by surprise. Washington, on being con
sulted, at first considered the enterprise
too hazardous; but afterward, upon con
ferring with Lee personally on the sub
ject, he gave his approval. . He declared,
however, that if the post could not be
taken in an instant, by surprise, the at
tempt must not be made.

Thus fortified by the approbation of
the commander-in-chief, Major Lee start
ed with three hundred infantry
soldiers and a troop of his own
dismounted dragoons, to execute his haz
ardous enterprise. To deceive those ir?.
the country who were friendly to the en
emy, Lee took care to have it rumored
that he was going out merely to forage,
and took a long and circuitous route.

His march through the country excited
no suspicion, as these foraging-excursions
were of c very-day occurrence. On am-

/ */

ving at the New bridge, on the Hackei.-

Aiig. 18.




sack river, Lee halted his party till Lord
Stirling should come up with his five hun
dred men, who were to remain there as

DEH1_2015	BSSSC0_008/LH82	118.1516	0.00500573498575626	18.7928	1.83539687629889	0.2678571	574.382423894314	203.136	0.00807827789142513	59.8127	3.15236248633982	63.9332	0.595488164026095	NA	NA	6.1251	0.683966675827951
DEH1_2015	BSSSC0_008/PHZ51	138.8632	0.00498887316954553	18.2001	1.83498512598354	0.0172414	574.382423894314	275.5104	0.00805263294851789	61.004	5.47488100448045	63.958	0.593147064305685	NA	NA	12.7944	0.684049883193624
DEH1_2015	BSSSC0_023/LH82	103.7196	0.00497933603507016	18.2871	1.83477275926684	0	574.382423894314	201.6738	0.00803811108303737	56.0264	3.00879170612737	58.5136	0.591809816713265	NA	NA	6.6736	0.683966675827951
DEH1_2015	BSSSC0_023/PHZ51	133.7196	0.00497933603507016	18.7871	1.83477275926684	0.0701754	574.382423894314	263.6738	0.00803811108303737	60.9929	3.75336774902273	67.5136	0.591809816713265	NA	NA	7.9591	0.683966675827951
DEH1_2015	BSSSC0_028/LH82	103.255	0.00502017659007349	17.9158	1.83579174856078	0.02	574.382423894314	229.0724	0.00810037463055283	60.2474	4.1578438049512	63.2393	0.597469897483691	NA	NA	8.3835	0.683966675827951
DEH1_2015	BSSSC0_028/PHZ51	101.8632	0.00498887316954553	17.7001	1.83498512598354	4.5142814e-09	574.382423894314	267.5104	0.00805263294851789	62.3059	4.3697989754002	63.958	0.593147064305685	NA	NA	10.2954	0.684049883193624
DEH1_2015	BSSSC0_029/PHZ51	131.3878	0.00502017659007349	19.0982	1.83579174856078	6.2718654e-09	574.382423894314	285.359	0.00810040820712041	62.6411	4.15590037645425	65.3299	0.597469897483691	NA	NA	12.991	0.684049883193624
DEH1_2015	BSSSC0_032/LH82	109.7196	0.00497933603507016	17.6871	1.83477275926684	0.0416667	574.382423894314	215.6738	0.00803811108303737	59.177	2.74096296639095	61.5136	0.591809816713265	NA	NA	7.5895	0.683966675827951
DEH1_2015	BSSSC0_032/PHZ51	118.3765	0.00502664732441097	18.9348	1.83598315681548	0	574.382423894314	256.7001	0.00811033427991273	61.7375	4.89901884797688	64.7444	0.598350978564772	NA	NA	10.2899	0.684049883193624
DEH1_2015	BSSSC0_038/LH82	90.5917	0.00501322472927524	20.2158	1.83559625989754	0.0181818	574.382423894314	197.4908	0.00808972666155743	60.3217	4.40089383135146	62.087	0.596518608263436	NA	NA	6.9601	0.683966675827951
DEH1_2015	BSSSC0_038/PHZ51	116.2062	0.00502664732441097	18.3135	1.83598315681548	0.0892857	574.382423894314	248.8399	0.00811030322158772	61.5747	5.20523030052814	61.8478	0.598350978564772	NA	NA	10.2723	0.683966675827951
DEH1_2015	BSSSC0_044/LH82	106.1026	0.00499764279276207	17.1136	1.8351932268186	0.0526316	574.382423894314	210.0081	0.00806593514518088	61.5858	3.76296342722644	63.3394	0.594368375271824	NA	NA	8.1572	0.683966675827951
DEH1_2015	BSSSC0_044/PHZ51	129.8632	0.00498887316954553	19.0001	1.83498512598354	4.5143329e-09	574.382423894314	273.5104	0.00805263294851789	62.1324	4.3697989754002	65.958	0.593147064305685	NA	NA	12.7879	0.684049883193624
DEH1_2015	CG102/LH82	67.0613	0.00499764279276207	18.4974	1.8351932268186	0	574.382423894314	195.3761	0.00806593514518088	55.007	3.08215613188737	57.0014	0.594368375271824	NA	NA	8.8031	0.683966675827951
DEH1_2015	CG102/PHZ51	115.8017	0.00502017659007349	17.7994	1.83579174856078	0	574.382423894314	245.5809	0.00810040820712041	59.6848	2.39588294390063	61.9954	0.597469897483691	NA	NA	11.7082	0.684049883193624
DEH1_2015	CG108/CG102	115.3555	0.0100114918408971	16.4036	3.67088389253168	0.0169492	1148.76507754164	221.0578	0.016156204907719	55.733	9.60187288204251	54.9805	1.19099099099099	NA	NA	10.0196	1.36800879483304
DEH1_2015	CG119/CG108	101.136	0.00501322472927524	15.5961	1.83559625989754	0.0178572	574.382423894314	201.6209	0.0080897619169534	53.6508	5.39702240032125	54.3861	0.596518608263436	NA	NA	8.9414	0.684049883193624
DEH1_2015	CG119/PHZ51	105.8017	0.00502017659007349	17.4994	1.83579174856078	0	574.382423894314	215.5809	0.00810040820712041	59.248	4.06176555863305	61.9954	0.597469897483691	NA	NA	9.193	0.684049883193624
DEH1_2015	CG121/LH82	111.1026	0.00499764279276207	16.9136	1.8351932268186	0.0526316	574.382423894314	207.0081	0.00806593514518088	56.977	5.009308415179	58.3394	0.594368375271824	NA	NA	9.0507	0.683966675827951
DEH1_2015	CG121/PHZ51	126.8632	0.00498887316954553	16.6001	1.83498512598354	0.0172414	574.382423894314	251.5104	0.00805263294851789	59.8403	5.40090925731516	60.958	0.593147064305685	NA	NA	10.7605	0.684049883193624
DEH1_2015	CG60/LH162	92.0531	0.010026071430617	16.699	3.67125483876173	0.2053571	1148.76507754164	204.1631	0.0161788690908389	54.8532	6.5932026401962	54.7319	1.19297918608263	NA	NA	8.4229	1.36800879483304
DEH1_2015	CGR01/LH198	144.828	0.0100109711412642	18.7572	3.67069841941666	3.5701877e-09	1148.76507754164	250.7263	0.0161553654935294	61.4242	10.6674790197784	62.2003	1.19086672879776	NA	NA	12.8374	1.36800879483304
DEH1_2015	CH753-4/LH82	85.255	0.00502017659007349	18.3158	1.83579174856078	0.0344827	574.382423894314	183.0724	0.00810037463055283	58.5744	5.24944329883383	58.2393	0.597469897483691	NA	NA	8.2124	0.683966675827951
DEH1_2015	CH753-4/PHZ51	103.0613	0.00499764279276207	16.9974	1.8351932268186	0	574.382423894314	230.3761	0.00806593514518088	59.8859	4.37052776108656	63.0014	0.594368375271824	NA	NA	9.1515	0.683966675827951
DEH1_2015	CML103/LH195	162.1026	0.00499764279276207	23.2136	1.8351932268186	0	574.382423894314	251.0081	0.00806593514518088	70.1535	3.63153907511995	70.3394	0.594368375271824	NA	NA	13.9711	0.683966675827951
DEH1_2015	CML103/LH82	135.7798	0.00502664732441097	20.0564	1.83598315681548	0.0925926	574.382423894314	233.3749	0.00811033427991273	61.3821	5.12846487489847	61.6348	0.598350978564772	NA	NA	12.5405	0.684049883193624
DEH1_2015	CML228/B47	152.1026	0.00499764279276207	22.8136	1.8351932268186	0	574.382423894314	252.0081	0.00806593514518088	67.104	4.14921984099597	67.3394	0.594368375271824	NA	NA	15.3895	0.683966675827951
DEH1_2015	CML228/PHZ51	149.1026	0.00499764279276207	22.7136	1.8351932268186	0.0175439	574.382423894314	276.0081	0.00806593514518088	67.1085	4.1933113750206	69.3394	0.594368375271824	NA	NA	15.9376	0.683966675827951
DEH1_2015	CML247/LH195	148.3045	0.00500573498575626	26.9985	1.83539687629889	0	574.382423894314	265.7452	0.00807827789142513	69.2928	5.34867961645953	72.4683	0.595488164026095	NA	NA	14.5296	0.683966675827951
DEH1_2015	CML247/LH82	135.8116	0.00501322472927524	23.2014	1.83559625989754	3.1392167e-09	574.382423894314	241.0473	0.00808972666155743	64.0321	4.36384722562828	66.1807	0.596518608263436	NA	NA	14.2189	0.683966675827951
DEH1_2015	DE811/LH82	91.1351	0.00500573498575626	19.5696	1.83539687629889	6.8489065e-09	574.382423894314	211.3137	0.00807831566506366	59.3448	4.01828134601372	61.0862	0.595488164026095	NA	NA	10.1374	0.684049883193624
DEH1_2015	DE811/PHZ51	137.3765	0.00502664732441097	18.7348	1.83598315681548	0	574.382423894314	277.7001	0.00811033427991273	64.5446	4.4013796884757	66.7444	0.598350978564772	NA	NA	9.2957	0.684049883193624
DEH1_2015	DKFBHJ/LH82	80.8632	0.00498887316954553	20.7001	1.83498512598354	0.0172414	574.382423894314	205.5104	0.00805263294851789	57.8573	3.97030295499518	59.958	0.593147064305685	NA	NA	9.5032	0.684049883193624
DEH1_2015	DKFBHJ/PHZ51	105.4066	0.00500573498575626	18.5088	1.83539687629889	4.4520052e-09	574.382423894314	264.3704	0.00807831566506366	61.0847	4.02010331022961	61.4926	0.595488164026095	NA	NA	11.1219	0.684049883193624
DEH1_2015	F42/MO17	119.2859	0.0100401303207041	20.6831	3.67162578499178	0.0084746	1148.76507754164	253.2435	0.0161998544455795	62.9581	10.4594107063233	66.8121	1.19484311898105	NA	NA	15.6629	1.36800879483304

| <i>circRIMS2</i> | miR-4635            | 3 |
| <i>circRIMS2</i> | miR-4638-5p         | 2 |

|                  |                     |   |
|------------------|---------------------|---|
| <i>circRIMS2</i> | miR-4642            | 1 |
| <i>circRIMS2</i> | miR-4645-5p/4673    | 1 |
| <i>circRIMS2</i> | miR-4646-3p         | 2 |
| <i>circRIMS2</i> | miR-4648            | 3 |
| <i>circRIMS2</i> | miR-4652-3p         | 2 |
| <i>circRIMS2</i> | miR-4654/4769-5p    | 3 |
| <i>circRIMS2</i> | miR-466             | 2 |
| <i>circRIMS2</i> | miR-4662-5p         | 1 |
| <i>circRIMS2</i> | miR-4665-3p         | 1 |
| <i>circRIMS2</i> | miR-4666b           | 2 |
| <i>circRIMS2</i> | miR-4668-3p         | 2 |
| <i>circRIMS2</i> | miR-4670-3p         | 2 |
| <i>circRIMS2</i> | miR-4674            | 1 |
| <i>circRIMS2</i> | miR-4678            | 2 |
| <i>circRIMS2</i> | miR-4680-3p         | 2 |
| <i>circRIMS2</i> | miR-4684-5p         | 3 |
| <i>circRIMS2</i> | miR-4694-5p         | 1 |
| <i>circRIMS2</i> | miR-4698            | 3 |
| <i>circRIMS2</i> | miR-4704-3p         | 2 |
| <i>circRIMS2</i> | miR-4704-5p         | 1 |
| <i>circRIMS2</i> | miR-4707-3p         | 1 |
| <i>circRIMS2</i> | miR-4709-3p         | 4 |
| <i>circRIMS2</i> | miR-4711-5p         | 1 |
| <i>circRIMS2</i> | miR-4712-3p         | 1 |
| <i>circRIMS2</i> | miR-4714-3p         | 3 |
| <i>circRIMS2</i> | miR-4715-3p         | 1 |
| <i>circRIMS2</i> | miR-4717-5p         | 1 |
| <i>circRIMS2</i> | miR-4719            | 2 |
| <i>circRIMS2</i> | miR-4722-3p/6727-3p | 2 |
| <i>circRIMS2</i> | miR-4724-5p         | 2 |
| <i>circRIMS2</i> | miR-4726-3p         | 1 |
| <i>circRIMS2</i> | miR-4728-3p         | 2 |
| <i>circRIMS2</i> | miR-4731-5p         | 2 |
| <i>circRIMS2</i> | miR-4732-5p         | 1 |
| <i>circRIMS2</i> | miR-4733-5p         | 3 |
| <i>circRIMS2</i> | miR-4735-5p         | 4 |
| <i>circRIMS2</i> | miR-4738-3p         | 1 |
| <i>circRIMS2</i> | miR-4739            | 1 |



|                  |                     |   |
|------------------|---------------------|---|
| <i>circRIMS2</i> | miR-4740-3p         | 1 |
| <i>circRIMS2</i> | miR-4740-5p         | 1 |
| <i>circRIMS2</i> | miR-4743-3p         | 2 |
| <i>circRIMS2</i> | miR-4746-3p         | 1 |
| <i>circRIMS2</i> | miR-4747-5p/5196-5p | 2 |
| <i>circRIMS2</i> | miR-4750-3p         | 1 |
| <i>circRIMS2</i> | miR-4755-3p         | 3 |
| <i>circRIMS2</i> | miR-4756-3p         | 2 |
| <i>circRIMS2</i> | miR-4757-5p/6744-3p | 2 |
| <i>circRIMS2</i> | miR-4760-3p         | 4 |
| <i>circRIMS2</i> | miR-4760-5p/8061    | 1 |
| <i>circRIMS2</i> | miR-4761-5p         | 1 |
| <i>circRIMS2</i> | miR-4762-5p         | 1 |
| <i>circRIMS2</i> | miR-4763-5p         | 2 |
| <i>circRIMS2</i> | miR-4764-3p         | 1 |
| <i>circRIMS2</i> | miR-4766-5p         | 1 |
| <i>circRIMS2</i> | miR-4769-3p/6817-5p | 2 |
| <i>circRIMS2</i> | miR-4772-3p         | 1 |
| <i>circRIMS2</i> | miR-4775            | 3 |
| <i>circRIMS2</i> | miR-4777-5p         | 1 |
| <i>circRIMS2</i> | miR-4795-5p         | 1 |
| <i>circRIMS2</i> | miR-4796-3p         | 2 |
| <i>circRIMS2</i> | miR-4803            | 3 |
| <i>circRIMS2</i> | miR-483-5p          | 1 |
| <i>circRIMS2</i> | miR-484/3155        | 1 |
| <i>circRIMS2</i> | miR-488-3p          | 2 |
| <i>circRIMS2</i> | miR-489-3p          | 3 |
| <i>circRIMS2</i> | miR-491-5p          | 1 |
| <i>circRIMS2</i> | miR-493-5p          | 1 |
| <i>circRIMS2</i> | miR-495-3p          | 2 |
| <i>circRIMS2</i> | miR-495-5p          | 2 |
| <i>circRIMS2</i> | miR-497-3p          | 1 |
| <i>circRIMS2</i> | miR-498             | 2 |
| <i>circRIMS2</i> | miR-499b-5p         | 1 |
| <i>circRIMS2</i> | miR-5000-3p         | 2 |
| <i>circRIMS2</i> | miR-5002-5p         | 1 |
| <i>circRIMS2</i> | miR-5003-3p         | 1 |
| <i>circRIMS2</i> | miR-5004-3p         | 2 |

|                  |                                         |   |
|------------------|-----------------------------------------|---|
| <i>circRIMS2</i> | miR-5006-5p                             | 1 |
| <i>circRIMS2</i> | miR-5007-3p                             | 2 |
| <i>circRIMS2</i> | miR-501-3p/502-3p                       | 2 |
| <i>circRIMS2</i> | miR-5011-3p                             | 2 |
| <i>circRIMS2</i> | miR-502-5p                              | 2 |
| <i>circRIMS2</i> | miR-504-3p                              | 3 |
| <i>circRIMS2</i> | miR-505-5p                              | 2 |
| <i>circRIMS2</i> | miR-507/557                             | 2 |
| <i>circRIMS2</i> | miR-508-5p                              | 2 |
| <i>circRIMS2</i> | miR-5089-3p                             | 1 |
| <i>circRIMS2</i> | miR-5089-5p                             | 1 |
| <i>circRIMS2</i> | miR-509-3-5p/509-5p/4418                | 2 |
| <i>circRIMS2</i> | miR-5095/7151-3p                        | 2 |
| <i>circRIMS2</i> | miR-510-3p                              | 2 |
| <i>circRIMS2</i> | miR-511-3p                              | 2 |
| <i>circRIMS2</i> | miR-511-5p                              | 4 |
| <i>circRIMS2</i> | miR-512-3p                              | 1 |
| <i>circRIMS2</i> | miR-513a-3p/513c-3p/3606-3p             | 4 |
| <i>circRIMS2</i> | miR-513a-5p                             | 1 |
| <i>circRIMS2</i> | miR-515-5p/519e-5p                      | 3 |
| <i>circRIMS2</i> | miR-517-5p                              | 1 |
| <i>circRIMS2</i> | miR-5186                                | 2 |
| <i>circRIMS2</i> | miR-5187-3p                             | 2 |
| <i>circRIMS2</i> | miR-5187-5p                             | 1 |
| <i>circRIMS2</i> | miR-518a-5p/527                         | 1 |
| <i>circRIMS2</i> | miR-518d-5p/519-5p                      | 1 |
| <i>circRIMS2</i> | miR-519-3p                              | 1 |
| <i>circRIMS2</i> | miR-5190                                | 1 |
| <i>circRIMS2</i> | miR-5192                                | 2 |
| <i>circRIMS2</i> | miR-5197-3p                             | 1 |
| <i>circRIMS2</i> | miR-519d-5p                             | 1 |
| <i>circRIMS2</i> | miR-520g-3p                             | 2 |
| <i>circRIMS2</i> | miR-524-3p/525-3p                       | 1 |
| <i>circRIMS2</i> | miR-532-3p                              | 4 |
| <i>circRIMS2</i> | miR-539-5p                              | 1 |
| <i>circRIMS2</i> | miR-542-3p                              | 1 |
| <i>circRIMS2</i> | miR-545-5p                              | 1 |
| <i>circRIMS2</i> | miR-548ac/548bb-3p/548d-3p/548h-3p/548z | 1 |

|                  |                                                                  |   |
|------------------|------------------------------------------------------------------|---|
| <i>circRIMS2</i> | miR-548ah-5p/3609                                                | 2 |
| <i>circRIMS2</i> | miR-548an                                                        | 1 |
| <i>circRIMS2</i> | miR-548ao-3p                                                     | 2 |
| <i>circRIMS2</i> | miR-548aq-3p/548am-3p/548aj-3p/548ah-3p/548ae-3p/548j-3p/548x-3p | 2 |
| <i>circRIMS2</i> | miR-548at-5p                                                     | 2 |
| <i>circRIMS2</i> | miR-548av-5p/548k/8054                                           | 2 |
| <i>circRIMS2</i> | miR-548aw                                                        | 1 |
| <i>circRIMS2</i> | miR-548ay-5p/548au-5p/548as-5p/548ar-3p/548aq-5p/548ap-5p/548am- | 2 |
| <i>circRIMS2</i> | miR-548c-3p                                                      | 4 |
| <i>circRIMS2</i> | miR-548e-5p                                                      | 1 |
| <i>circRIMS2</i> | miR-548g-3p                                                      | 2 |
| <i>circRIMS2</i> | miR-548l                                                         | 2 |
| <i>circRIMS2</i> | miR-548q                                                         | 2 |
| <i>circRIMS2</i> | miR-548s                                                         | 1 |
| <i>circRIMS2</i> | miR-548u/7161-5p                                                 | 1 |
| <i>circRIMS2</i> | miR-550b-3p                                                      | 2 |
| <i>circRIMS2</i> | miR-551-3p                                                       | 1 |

a reserve, in case their aid should be re
quired. When the night was sufficiently
advanced, Lee pushed forward through
the rugged country between the Hack-
ensack and the Hudson. Having crossed
Harsimus creek, be passed over the draw
bridge, and through the barred gate, into
the works, without exciting the least sus
picion. A party of the enemy was fortu
nately out foraging, and the Americans
weie thought by the careless guards to
be their GWL countrymen, and were per
mitted to enter without question.

Major Lee s purpose was effected al- |
most without a blow. Major Sutherland
and some Hessians, however, at the last
moment, succeeded in escaping into a
blockhouse, after Lee had secured a hun
dred and fifty-nine prisoners, and thence
began ai. irregular (ire, by which two of
j.Qe s party were killed and three wound
ed. There was no time to dislodge them,
as the alarm had now extended to the
English men-of-war in the North river,
and would soon rench the British head
quarters opposite, in New York ; while,
moreover, Lee had been strictly enjoined
by Washington not to risk the lives of his
men by remaining to destroy barracks or
artillery. In the assault the British had
thirty killed. The American commander
made good his retreat, under the cover
of General Lord Stirling, and had the sat
isfaction of being welcomed back to camp
with the applause of every officer and sol
dier for his triumphant gallantry. Med-